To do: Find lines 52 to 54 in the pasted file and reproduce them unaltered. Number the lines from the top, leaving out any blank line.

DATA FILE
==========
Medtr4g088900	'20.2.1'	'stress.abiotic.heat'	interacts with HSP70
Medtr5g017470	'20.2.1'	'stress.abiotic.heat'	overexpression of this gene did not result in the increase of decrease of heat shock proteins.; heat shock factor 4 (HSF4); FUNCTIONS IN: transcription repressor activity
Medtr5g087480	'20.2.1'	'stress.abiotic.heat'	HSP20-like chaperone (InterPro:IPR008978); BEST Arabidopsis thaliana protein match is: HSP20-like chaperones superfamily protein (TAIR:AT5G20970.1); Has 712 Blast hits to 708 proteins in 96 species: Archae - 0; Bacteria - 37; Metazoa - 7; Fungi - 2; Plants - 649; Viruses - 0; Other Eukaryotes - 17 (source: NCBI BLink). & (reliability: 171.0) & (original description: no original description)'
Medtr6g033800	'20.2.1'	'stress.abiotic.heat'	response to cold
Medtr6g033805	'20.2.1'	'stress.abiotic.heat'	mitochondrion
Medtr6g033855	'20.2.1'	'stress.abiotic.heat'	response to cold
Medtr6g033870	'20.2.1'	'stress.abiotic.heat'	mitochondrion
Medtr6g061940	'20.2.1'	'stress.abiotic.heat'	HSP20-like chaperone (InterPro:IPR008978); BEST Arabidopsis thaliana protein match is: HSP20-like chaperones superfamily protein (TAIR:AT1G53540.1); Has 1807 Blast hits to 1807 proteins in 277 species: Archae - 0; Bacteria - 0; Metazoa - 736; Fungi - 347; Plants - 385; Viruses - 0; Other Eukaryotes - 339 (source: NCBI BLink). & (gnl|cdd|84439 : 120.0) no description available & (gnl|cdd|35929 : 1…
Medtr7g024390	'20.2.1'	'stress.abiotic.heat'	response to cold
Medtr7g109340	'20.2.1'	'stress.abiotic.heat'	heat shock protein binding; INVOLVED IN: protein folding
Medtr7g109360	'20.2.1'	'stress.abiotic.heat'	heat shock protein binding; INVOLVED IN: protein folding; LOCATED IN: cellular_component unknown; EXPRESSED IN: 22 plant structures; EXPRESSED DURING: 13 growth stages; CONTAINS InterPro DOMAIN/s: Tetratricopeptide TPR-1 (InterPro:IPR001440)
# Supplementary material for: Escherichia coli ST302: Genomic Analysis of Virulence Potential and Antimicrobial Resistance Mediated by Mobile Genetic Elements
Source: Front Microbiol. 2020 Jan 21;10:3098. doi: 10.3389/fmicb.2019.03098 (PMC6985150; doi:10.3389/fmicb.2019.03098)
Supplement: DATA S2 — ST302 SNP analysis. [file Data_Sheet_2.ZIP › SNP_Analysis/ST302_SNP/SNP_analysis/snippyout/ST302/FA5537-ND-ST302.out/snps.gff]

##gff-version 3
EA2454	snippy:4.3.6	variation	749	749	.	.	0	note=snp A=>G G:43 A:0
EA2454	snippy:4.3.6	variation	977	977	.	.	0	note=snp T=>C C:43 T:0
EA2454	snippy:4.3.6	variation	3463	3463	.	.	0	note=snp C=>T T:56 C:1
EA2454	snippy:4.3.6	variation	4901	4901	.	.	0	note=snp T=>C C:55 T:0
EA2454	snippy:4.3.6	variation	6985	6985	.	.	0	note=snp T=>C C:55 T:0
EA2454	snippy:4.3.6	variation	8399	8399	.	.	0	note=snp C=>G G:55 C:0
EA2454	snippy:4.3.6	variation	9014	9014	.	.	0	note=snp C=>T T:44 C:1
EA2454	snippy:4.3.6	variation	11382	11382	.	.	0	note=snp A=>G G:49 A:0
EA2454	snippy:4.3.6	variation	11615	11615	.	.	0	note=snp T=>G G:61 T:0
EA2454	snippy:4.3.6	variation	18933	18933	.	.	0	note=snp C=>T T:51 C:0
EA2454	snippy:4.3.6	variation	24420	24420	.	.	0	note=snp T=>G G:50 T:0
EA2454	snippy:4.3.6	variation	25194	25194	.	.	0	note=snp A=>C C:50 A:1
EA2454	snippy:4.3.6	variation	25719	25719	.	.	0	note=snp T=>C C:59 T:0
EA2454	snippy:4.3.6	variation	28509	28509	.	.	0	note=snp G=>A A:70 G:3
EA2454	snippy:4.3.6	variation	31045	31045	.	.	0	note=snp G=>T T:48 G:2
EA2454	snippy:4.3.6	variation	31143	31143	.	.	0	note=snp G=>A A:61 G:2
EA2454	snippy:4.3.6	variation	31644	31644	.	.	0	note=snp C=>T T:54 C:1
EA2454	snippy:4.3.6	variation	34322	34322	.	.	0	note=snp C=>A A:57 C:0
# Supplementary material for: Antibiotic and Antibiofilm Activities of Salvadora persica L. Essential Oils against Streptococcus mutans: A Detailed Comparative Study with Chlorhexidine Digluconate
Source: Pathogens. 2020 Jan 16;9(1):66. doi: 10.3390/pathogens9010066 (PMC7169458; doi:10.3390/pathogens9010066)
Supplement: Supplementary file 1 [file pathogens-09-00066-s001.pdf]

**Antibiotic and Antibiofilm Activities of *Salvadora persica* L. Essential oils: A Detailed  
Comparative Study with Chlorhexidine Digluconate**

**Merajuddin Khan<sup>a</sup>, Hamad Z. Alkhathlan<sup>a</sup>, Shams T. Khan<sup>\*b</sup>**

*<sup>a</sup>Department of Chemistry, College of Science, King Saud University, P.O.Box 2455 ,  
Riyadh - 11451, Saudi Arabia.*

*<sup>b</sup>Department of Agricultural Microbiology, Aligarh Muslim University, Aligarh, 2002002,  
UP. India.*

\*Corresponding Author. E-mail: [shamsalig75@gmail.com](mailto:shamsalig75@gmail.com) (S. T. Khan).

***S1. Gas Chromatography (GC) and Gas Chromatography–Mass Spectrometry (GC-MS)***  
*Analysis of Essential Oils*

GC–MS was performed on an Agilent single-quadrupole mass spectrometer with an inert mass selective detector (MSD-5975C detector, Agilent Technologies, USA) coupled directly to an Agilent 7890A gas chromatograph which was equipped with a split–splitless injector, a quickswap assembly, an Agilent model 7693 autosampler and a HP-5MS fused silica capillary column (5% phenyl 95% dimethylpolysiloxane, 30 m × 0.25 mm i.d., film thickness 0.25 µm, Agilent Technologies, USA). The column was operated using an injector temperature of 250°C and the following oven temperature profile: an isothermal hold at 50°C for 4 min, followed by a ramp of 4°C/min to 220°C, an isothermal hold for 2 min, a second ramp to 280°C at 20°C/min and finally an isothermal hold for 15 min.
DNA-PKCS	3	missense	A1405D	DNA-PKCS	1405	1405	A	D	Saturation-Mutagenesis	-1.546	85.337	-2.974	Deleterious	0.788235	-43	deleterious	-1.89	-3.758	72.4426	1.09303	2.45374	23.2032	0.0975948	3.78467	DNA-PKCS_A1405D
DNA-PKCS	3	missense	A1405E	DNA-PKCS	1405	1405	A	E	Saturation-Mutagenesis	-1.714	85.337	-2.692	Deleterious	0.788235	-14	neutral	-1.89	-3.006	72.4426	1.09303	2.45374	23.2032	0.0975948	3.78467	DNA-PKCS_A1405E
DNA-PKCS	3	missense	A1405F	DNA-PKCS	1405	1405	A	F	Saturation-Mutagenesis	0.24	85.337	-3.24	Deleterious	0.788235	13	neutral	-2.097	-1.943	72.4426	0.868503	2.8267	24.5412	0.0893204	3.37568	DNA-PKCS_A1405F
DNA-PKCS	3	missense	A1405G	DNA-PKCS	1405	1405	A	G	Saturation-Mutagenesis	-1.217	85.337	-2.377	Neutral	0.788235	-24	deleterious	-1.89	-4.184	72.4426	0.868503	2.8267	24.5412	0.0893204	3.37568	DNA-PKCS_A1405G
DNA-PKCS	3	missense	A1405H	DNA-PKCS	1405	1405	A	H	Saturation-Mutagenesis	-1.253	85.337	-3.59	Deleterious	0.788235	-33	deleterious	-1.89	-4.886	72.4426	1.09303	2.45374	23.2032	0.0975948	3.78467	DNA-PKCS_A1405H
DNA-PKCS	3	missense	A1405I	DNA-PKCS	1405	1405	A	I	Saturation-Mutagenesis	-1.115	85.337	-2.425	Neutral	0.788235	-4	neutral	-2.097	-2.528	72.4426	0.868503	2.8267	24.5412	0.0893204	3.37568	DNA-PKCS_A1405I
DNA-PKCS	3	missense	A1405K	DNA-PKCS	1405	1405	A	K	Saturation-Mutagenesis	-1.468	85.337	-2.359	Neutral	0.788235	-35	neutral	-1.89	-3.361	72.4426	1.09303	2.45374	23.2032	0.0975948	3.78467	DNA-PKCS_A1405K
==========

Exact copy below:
DNA-PKCS	3	missense	A1405H	DNA-PKCS	1405	1405	A	H	Saturation-Mutagenesis	-1.253	85.337	-3.59	Deleterious	0.788235	-33	deleterious	-1.89	-4.886	72.4426	1.09303	2.45374	23.2032	0.0975948	3.78467	DNA-PKCS_A1405H
DNA-PKCS	3	missense	A1405I	DNA-PKCS	1405	1405	A	I	Saturation-Mutagenesis	-1.115	85.337	-2.425	Neutral	0.788235	-4	neutral	-2.097	-2.528	72.4426	0.868503	2.8267	24.5412	0.0893204	3.37568	DNA-PKCS_A1405I
DNA-PKCS	3	missense	A1405K	DNA-PKCS	1405	1405	A	K	Saturation-Mutagenesis	-1.468	85.337	-2.359	Neutral	0.788235	-35	neutral	-1.89	-3.361	72.4426	1.09303	2.45374	23.2032	0.0975948	3.78467	DNA-PKCS_A1405K